The study found that all areas have access to specialist community palliative care/home care teams but not all have access to a SPC in-patient unit, specialist palliative day care centres or outpatient clinics attached to SPC units. There are also differences in service availability with some offered seven days a week, twenty four hours a day and others during office hours only.
Researchers investigated the cost and effectiveness of models of specialist palliative care across the HSE Midlands (Laois, Offaly, Westmeath and Longford), HSE Mid-West (Clare, Limerick and North Tipperary) and HSE South-East (South-Tipperary, Waterford and Wexford but excluding Carlow/Kilkenny).
In each area, the quality of SPC services (hospice and community) rated very highly despite the diverse range of care available. The quality of inpatient hospital care was lower, particularly in terms of emotional support for families. However, such hospital care was not restricted to SPC services with researchers concluding it may reflect both underlying problems in the experience of hospital care, and a more general perception of the inappropriateness of the acute hospital setting for many people nearing the end of life.
Most individuals and their carers reported that getting access to community SPC or hospice care (where it was available) was ‘fairly easy’ or ‘very easy’, while those attempting to access a hospital bed found this much more difficult, particularly in the Mid-West and Midlands. In the Mid-West, the only area where both inpatient hospice and inpatient hospital services were available, the hospice scored much higher than hospital care on every quality measure.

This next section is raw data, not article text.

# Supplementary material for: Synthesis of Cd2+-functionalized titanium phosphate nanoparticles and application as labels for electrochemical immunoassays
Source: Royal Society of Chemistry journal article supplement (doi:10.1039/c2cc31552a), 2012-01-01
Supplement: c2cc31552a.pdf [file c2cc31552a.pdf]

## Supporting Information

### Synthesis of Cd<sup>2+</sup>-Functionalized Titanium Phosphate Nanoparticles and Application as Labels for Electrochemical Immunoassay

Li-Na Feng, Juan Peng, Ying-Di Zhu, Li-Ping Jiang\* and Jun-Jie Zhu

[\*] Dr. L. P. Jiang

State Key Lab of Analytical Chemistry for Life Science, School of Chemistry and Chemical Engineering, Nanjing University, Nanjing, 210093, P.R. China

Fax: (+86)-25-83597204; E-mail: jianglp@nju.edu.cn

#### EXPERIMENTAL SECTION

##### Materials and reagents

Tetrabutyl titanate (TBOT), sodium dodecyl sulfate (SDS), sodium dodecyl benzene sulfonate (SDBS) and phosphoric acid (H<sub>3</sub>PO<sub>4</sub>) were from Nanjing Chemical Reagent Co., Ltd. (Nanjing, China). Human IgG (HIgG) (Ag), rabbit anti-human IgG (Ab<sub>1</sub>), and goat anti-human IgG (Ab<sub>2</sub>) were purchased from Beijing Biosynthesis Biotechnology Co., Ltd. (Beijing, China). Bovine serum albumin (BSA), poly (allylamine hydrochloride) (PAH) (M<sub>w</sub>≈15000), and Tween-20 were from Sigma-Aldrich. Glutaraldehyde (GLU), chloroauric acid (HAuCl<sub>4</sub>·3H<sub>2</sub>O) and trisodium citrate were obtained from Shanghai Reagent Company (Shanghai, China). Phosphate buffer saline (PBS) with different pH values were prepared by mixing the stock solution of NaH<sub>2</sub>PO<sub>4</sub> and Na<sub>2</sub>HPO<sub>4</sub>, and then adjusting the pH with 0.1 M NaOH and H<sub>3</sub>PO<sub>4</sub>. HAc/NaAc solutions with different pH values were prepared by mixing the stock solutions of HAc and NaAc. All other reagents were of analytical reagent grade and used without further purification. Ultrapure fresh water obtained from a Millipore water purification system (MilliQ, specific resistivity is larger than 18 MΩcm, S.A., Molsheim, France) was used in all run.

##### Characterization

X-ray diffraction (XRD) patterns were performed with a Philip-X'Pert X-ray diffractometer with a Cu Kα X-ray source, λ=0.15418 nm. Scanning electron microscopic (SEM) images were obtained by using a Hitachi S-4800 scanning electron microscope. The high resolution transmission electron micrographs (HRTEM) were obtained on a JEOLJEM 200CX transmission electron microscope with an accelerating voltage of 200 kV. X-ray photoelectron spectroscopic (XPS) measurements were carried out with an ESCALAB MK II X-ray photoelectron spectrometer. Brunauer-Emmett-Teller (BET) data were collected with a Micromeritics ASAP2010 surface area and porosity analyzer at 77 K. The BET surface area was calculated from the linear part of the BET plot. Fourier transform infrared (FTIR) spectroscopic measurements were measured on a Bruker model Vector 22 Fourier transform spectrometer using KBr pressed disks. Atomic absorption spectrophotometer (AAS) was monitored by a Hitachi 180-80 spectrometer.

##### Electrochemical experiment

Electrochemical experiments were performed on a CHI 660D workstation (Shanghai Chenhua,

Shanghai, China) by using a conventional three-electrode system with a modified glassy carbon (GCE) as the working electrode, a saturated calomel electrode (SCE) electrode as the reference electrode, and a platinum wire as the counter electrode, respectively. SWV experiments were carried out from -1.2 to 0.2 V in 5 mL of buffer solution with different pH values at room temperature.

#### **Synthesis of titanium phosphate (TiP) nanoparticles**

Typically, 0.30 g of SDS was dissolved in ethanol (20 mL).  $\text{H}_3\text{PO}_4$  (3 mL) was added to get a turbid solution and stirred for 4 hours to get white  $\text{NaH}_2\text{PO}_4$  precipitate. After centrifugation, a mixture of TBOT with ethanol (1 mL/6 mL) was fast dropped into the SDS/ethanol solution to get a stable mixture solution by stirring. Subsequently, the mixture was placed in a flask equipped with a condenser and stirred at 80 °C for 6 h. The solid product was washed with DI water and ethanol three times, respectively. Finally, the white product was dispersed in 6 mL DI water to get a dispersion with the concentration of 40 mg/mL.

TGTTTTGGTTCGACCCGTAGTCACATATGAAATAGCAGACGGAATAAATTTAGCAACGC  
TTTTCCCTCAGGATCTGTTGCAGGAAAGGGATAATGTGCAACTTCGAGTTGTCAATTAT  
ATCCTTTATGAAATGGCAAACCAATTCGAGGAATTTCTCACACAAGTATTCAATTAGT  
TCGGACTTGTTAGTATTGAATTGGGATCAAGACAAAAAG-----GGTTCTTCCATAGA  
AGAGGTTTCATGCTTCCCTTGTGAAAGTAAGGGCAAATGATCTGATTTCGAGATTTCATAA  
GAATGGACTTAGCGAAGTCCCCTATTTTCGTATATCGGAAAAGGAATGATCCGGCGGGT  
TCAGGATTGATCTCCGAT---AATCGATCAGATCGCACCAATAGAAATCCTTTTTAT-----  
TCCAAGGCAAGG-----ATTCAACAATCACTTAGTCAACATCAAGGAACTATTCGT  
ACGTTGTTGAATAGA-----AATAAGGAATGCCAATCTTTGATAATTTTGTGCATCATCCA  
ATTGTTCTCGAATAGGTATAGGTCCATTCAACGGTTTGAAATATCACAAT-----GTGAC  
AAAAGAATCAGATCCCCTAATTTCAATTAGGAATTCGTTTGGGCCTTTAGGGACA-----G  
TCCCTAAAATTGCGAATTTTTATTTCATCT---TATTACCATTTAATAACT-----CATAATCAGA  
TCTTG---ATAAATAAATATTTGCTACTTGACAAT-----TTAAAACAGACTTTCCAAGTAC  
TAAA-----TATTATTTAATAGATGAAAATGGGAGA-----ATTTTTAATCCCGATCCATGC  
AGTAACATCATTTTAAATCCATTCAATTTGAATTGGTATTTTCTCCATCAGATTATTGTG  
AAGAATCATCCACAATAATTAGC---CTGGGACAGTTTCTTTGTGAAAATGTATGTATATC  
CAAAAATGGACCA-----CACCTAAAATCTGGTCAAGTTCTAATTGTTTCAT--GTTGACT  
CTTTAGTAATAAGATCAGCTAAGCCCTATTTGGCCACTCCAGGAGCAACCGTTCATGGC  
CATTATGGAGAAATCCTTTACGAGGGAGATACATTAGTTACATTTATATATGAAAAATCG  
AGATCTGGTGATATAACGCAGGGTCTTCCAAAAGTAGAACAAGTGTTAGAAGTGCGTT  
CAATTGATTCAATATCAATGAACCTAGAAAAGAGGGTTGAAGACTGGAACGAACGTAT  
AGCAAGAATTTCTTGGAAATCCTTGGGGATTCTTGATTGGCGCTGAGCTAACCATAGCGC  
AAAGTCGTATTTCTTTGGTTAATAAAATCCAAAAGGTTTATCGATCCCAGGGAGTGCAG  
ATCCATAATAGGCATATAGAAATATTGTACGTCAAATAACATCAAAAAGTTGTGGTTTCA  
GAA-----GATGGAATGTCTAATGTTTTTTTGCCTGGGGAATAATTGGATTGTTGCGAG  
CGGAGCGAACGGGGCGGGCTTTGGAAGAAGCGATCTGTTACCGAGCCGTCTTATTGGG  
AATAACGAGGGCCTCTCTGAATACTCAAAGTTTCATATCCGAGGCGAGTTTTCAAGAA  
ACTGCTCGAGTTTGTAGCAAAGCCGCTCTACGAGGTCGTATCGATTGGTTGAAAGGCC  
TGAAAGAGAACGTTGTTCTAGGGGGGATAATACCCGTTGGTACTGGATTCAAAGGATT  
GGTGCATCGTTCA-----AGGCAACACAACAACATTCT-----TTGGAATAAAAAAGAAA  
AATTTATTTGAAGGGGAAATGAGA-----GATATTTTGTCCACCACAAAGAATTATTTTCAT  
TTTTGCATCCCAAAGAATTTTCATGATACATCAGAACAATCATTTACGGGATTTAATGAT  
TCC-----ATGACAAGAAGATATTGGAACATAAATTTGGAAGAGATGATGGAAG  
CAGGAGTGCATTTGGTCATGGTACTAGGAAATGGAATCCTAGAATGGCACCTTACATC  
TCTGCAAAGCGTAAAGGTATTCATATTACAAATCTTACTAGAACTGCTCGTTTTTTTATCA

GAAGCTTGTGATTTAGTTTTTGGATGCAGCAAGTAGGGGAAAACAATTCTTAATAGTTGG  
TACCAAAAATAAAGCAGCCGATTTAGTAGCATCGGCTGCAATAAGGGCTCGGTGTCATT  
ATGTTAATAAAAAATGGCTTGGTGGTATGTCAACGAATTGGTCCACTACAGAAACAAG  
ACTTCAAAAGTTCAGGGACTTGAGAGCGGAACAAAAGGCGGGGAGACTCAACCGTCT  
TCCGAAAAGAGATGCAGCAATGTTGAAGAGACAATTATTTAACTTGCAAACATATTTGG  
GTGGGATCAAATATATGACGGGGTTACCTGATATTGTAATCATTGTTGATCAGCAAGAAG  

The study also shows that older people make up the bulk of primary informal carers of those who are unwell, except in the South-East where adult children provided the largest proportion of care.
Speaking following the release of the report yesterday, CEO of the Irish Hospice Foundation (IHF), Sharon Foley said: “We welcome this particular study into Specialist Palliative Care in Ireland. The findings reflect a number of issues the IHF has been highlighting for a number of years. We know, given the opportunity, most people would prefer to die at home and community services are pivotal in that regard. When you consider the grand scheme of healthcare spending, what this report really demonstrates is, that the difference in cost of providing a fully comprehensive palliative care service and having no service at all, is very little. Also, we would have major concerns that there are still no dedicated specialist palliative care in-patient units in the North East, Midlands and South East, although plans are continuing to move forward for such a unit in Waterford.
You can read the report here.